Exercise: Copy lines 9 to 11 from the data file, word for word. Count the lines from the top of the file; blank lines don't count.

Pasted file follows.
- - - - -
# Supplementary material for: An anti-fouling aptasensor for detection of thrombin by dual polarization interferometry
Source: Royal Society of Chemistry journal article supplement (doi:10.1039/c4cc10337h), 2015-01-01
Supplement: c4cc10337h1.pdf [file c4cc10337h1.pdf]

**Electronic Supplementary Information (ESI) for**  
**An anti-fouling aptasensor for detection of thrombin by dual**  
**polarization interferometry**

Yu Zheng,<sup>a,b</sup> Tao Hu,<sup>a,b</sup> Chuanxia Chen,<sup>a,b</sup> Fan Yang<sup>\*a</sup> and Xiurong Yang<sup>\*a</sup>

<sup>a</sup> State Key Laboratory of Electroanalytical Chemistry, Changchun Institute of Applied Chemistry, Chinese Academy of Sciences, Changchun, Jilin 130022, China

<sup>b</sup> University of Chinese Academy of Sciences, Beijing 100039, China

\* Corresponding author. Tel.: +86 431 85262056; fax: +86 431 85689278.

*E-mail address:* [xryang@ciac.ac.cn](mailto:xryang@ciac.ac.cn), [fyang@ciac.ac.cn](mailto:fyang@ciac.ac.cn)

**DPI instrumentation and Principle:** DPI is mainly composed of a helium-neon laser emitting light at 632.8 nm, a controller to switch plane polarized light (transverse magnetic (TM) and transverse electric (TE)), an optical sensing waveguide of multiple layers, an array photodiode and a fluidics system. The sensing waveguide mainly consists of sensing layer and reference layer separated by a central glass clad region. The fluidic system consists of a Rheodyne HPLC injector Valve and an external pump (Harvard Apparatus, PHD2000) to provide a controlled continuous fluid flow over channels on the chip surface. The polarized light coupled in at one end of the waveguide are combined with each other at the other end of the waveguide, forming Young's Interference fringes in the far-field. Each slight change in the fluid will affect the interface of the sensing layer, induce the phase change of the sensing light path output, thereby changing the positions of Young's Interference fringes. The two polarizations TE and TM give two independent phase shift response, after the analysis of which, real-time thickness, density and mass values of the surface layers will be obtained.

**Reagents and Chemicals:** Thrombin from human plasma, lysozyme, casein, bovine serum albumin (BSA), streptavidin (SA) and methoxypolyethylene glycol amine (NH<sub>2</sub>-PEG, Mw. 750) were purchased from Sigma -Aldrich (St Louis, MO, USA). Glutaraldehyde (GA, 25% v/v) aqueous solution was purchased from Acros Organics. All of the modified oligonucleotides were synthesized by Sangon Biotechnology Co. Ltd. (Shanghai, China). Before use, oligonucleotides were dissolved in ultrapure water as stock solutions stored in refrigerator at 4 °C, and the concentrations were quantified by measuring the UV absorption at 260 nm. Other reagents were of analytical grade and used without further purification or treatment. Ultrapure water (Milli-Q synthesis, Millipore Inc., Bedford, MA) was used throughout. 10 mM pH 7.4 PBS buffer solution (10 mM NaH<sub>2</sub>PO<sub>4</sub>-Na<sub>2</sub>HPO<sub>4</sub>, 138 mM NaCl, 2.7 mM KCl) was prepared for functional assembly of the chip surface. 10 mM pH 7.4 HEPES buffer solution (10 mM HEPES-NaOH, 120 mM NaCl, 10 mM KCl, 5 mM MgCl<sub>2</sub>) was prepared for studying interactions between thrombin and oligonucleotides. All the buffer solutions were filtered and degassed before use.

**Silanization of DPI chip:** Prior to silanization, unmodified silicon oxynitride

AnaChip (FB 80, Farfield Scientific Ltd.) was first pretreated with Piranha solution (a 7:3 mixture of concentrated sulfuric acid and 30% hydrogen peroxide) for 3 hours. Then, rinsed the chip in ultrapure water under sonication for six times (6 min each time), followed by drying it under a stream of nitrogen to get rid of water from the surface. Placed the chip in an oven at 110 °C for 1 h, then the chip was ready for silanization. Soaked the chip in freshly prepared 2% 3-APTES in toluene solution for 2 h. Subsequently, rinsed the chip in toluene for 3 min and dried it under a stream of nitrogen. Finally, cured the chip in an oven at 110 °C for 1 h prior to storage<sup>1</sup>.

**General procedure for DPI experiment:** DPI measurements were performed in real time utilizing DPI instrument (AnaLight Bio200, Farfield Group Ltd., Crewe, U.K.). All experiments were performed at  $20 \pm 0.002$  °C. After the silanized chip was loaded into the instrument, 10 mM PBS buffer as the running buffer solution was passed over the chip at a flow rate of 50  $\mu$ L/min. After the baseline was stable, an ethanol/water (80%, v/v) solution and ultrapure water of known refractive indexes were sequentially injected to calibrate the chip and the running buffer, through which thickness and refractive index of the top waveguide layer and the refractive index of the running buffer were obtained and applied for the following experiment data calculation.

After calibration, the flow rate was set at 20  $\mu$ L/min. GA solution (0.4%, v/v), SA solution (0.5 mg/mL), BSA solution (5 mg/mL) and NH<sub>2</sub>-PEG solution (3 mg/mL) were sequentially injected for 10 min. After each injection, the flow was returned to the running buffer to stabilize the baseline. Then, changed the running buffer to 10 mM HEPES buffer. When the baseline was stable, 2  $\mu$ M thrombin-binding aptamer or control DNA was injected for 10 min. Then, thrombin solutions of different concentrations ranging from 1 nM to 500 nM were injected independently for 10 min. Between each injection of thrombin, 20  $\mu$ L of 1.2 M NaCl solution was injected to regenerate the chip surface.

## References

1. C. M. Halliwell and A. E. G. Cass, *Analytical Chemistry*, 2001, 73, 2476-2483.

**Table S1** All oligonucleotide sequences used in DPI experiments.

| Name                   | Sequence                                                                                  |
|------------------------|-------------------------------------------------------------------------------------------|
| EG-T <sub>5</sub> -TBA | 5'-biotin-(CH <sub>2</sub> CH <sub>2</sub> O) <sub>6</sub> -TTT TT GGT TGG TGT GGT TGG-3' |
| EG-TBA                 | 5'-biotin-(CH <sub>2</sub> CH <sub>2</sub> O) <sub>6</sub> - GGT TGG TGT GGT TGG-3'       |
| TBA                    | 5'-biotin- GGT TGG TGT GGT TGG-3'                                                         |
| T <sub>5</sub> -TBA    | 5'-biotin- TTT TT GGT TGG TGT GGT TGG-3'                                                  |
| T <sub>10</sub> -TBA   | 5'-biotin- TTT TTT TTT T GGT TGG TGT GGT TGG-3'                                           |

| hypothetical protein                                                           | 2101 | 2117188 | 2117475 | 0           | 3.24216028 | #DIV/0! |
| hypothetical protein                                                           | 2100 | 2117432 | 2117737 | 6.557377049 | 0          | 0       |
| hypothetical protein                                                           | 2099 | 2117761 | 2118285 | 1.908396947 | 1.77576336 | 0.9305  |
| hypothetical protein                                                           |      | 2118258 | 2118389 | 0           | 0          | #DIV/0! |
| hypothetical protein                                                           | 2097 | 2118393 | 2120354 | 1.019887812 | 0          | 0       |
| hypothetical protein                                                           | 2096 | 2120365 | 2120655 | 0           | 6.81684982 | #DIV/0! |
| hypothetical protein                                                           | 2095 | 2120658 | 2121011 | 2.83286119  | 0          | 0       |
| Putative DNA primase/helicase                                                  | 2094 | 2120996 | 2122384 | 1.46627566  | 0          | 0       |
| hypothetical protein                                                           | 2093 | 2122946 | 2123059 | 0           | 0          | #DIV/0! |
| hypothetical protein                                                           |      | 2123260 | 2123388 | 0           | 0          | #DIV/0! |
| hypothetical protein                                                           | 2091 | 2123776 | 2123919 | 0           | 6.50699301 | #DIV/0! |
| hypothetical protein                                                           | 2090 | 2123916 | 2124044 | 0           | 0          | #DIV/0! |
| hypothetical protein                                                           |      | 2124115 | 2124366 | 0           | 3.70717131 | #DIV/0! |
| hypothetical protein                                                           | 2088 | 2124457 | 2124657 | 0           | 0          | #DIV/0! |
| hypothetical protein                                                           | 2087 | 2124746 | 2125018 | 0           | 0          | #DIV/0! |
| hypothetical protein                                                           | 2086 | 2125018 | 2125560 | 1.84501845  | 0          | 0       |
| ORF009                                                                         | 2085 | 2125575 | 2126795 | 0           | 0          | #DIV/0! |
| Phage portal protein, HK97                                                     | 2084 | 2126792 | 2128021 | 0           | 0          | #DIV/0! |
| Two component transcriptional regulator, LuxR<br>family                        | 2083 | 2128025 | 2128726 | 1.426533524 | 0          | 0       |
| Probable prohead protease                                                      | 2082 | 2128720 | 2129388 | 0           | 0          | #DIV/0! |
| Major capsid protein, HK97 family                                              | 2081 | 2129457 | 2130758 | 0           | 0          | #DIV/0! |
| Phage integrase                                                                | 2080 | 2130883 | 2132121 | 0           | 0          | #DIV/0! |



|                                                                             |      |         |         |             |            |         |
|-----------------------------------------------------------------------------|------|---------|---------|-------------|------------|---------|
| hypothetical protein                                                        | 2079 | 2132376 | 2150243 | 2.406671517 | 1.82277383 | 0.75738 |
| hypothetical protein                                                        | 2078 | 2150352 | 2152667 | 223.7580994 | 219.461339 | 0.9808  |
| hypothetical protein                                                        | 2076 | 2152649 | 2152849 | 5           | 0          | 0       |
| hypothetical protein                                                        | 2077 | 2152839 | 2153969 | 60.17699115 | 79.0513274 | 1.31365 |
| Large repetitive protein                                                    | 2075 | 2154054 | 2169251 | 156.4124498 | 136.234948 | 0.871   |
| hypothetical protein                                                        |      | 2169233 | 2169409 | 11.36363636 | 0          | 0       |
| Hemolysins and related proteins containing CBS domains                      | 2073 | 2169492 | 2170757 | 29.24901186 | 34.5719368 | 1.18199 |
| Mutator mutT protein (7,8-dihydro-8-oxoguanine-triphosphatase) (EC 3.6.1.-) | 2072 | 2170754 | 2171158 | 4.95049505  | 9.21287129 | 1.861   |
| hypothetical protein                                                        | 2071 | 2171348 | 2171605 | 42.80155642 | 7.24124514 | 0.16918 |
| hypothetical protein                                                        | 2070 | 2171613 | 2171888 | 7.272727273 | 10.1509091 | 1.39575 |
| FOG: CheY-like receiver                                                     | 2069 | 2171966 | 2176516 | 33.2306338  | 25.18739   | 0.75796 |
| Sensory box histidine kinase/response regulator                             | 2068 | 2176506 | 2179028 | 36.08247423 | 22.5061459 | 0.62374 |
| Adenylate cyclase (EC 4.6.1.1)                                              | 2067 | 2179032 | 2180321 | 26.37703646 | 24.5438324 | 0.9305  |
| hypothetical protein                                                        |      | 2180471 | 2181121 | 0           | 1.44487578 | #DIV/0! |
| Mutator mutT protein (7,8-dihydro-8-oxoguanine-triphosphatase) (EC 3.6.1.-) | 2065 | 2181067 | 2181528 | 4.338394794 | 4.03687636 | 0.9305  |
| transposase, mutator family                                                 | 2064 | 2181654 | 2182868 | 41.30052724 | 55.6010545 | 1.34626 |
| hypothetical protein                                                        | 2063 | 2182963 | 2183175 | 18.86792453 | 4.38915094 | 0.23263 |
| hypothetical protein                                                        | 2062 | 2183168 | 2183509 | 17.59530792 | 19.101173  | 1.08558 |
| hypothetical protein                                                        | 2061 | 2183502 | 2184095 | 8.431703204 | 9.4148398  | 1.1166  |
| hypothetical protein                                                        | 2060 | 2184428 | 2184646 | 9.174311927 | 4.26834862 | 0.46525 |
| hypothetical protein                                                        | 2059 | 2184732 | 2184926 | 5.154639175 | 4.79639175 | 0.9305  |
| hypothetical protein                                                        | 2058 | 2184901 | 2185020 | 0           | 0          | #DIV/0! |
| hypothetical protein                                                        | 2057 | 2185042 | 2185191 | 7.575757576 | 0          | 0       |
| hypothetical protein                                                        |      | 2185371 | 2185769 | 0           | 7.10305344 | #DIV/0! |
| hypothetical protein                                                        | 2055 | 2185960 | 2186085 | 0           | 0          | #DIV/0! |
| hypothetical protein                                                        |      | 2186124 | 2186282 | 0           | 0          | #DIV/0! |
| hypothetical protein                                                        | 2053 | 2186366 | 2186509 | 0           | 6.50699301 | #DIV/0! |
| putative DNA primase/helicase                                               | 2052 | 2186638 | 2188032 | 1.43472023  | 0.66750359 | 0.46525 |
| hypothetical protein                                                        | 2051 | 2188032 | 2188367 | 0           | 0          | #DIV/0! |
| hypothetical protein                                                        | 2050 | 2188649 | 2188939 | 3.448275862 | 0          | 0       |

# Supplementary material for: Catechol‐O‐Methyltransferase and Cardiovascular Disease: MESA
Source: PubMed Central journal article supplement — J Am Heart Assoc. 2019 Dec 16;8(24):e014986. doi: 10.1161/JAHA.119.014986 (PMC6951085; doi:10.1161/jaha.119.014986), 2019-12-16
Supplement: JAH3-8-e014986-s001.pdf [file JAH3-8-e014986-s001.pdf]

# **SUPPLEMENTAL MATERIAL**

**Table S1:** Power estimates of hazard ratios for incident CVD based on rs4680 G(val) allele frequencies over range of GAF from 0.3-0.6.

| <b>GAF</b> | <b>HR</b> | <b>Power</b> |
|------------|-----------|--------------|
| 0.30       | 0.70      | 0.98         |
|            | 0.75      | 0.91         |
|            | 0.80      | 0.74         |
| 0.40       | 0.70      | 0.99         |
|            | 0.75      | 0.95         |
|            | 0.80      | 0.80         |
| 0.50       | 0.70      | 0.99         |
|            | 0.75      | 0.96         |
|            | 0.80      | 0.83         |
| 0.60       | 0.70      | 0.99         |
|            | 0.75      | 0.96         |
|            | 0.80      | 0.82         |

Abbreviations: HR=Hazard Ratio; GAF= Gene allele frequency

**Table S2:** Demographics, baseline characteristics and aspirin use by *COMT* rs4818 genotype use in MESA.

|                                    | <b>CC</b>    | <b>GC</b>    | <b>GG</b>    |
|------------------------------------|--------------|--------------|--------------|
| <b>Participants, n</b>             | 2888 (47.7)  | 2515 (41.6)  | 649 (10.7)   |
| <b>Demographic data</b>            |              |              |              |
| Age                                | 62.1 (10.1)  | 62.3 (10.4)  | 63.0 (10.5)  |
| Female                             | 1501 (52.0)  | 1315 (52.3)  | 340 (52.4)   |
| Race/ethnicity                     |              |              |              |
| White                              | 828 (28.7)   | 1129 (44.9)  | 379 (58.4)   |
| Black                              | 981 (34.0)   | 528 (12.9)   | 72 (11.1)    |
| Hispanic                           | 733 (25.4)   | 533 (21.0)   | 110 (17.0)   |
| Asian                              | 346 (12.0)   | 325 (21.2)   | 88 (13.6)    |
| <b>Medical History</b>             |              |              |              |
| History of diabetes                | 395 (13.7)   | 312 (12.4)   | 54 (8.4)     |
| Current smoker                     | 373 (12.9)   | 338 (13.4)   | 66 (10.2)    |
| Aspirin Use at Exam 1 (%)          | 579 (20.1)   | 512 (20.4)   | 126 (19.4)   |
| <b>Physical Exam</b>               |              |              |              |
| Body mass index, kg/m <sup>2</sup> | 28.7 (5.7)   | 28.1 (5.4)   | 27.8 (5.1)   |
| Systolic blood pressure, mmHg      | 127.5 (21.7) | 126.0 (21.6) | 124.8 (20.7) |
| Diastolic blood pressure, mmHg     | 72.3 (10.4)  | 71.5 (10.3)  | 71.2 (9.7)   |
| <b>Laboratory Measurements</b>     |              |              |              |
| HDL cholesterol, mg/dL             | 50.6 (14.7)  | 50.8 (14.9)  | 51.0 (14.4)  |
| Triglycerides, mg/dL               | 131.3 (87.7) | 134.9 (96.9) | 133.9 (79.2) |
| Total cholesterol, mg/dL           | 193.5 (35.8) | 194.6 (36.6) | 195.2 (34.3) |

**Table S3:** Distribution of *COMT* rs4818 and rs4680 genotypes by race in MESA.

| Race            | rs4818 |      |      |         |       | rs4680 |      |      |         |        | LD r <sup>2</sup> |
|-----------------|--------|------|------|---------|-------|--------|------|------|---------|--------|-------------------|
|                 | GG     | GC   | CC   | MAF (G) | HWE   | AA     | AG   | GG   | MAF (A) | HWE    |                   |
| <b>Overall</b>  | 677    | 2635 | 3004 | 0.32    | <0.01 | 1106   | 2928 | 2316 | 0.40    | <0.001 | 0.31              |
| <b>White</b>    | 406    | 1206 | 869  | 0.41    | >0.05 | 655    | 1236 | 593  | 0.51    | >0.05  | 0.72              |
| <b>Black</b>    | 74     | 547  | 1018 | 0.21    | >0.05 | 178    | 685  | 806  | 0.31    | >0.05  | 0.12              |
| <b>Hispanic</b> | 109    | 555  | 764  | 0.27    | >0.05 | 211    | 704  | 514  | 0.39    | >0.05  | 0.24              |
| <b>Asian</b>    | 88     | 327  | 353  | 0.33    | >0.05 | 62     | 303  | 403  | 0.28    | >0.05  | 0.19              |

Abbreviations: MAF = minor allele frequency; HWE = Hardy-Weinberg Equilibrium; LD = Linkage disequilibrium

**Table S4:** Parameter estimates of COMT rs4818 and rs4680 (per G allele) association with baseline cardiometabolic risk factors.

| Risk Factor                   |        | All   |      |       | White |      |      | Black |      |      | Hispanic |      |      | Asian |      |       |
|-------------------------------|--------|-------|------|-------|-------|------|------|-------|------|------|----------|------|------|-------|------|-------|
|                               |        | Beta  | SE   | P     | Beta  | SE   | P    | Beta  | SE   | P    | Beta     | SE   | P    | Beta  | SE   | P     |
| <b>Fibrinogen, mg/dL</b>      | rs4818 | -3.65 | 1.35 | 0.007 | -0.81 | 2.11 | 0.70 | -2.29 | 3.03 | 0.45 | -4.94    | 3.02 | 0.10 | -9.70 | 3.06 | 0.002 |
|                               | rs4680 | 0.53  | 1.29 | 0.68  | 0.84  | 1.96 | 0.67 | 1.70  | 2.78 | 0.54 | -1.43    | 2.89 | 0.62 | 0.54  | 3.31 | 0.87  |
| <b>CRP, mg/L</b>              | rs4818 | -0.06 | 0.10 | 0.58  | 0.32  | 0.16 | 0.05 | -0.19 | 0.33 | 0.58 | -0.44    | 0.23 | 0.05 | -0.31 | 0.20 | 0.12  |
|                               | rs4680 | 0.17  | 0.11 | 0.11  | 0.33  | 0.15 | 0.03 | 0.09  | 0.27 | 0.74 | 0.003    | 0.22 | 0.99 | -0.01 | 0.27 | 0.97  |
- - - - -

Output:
<sup>b</sup> University of Chinese Academy of Sciences, Beijing 100039, China

\* Corresponding author. Tel.: +86 431 85262056; fax: +86 431 85689278.

*E-mail address:* [xryang@ciac.ac.cn](mailto:xryang@ciac.ac.cn), [fyang@ciac.ac.cn](mailto:fyang@ciac.ac.cn)